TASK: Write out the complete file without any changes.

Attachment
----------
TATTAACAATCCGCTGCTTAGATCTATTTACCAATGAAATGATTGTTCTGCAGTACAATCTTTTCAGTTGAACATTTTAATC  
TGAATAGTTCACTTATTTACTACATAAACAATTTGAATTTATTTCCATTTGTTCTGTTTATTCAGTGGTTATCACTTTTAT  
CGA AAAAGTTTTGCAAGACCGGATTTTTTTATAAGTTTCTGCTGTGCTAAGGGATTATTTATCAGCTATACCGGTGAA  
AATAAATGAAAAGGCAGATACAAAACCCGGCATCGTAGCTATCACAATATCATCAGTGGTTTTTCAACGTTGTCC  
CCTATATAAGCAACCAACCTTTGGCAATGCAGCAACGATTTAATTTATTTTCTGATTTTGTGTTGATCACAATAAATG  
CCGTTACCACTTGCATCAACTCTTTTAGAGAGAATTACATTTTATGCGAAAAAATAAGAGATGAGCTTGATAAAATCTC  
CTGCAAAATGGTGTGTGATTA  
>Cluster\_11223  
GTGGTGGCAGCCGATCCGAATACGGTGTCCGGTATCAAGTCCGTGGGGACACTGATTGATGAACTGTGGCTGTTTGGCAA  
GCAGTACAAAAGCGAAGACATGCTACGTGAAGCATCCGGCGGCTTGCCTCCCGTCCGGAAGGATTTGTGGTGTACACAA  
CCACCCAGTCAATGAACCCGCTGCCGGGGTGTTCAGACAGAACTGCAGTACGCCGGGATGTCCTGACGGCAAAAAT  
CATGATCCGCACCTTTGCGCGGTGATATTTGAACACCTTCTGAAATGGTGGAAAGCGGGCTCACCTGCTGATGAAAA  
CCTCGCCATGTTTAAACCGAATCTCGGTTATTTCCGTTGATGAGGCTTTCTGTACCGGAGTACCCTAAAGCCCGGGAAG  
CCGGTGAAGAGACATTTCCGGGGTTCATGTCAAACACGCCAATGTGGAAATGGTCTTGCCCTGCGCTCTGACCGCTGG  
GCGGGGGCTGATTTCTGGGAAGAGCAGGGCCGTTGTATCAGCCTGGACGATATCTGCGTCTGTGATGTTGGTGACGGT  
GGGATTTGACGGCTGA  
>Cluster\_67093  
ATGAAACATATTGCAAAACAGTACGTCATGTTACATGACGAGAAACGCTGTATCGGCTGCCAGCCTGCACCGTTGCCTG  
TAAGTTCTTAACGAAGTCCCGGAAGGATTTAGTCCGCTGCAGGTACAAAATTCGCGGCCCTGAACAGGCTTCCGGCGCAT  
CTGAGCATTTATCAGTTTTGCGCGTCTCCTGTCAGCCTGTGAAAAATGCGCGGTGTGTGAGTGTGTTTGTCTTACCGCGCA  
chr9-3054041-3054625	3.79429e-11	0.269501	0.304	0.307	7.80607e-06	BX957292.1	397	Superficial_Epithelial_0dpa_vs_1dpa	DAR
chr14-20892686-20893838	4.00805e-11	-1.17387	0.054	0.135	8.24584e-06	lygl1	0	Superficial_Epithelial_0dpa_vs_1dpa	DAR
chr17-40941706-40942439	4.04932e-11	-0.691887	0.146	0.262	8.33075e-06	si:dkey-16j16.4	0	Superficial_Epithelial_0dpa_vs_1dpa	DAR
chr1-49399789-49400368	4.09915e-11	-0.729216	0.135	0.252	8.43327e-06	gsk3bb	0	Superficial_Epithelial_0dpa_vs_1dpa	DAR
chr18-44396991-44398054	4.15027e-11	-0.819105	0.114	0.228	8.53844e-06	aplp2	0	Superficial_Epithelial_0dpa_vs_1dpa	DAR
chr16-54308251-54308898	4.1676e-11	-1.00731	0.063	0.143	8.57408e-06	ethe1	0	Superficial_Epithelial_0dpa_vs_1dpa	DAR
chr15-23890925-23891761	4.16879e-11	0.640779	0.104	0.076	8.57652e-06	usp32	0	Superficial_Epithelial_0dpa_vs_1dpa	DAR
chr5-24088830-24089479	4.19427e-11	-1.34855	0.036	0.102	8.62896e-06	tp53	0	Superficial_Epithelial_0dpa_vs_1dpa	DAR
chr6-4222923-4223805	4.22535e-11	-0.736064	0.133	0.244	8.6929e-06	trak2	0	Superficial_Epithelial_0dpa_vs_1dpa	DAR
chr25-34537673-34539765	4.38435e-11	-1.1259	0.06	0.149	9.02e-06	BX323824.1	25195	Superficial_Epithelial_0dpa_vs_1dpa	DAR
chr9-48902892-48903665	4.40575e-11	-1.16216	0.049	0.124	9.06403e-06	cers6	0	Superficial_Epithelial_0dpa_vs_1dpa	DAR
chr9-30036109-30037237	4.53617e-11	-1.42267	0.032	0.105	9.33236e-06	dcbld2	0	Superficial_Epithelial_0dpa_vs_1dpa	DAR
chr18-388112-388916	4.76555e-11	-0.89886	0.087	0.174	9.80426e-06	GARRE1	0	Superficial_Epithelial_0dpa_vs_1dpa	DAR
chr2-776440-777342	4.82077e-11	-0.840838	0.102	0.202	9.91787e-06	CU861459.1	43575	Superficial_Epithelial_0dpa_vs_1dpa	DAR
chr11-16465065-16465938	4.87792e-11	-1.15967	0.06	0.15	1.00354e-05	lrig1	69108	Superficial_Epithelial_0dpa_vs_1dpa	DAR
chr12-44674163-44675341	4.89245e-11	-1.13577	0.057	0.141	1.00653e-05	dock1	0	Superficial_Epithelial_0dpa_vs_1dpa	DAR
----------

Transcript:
TATTAACAATCCGCTGCTTAGATCTATTTACCAATGAAATGATTGTTCTGCAGTACAATCTTTTCAGTTGAACATTTTAATC  
TGAATAGTTCACTTATTTACTACATAAACAATTTGAATTTATTTCCATTTGTTCTGTTTATTCAGTGGTTATCACTTTTAT  
CGA AAAAGTTTTGCAAGACCGGATTTTTTTATAAGTTTCTGCTGTGCTAAGGGATTATTTATCAGCTATACCGGTGAA  
AATAAATGAAAAGGCAGATACAAAACCCGGCATCGTAGCTATCACAATATCATCAGTGGTTTTTCAACGTTGTCC  
CCTATATAAGCAACCAACCTTTGGCAATGCAGCAACGATTTAATTTATTTTCTGATTTTGTGTTGATCACAATAAATG  
CCGTTACCACTTGCATCAACTCTTTTAGAGAGAATTACATTTTATGCGAAAAAATAAGAGATGAGCTTGATAAAATCTC  
CTGCAAAATGGTGTGTGATTA  
>Cluster\_11223  
GTGGTGGCAGCCGATCCGAATACGGTGTCCGGTATCAAGTCCGTGGGGACACTGATTGATGAACTGTGGCTGTTTGGCAA  
GCAGTACAAAAGCGAAGACATGCTACGTGAAGCATCCGGCGGCTTGCCTCCCGTCCGGAAGGATTTGTGGTGTACACAA  
CCACCCAGTCAATGAACCCGCTGCCGGGGTGTTCAGACAGAACTGCAGTACGCCGGGATGTCCTGACGGCAAAAAT  
CATGATCCGCACCTTTGCGCGGTGATATTTGAACACCTTCTGAAATGGTGGAAAGCGGGCTCACCTGCTGATGAAAA  
CCTCGCCATGTTTAAACCGAATCTCGGTTATTTCCGTTGATGAGGCTTTCTGTACCGGAGTACCCTAAAGCCCGGGAAG  
CCGGTGAAGAGACATTTCCGGGGTTCATGTCAAACACGCCAATGTGGAAATGGTCTTGCCCTGCGCTCTGACCGCTGG  
GCGGGGGCTGATTTCTGGGAAGAGCAGGGCCGTTGTATCAGCCTGGACGATATCTGCGTCTGTGATGTTGGTGACGGT  
GGGATTTGACGGCTGA  
>Cluster\_67093  
ATGAAACATATTGCAAAACAGTACGTCATGTTACATGACGAGAAACGCTGTATCGGCTGCCAGCCTGCACCGTTGCCTG  
TAAGTTCTTAACGAAGTCCCGGAAGGATTTAGTCCGCTGCAGGTACAAAATTCGCGGCCCTGAACAGGCTTCCGGCGCAT  
CTGAGCATTTATCAGTTTTGCGCGTCTCCTGTCAGCCTGTGAAAAATGCGCGGTGTGTGAGTGTGTTTGTCTTACCGCGCA  
chr9-3054041-3054625	3.79429e-11	0.269501	0.304	0.307	7.80607e-06	BX957292.1	397	Superficial_Epithelial_0dpa_vs_1dpa	DAR
chr14-20892686-20893838	4.00805e-11	-1.17387	0.054	0.135	8.24584e-06	lygl1	0	Superficial_Epithelial_0dpa_vs_1dpa	DAR
chr17-40941706-40942439	4.04932e-11	-0.691887	0.146	0.262	8.33075e-06	si:dkey-16j16.4	0	Superficial_Epithelial_0dpa_vs_1dpa	DAR
chr1-49399789-49400368	4.09915e-11	-0.729216	0.135	0.252	8.43327e-06	gsk3bb	0	Superficial_Epithelial_0dpa_vs_1dpa	DAR
chr18-44396991-44398054	4.15027e-11	-0.819105	0.114	0.228	8.53844e-06	aplp2	0	Superficial_Epithelial_0dpa_vs_1dpa	DAR
chr16-54308251-54308898	4.1676e-11	-1.00731	0.063	0.143	8.57408e-06	ethe1	0	Superficial_Epithelial_0dpa_vs_1dpa	DAR
chr15-23890925-23891761	4.16879e-11	0.640779	0.104	0.076	8.57652e-06	usp32	0	Superficial_Epithelial_0dpa_vs_1dpa	DAR
chr5-24088830-24089479	4.19427e-11	-1.34855	0.036	0.102	8.62896e-06	tp53	0	Superficial_Epithelial_0dpa_vs_1dpa	DAR
chr6-4222923-4223805	4.22535e-11	-0.736064	0.133	0.244	8.6929e-06	trak2	0	Superficial_Epithelial_0dpa_vs_1dpa	DAR
chr25-34537673-34539765	4.38435e-11	-1.1259	0.06	0.149	9.02e-06	BX323824.1	25195	Superficial_Epithelial_0dpa_vs_1dpa	DAR
chr9-48902892-48903665	4.40575e-11	-1.16216	0.049	0.124	9.06403e-06	cers6	0	Superficial_Epithelial_0dpa_vs_1dpa	DAR
chr9-30036109-30037237	4.53617e-11	-1.42267	0.032	0.105	9.33236e-06	dcbld2	0	Superficial_Epithelial_0dpa_vs_1dpa	DAR
chr18-388112-388916	4.76555e-11	-0.89886	0.087	0.174	9.80426e-06	GARRE1	0	Superficial_Epithelial_0dpa_vs_1dpa	DAR
chr2-776440-777342	4.82077e-11	-0.840838	0.102	0.202	9.91787e-06	CU861459.1	43575	Superficial_Epithelial_0dpa_vs_1dpa	DAR
chr11-16465065-16465938	4.87792e-11	-1.15967	0.06	0.15	1.00354e-05	lrig1	69108	Superficial_Epithelial_0dpa_vs_1dpa	DAR
chr12-44674163-44675341	4.89245e-11	-1.13577	0.057	0.141	1.00653e-05	dock1	0	Superficial_Epithelial_0dpa_vs_1dpa	DAR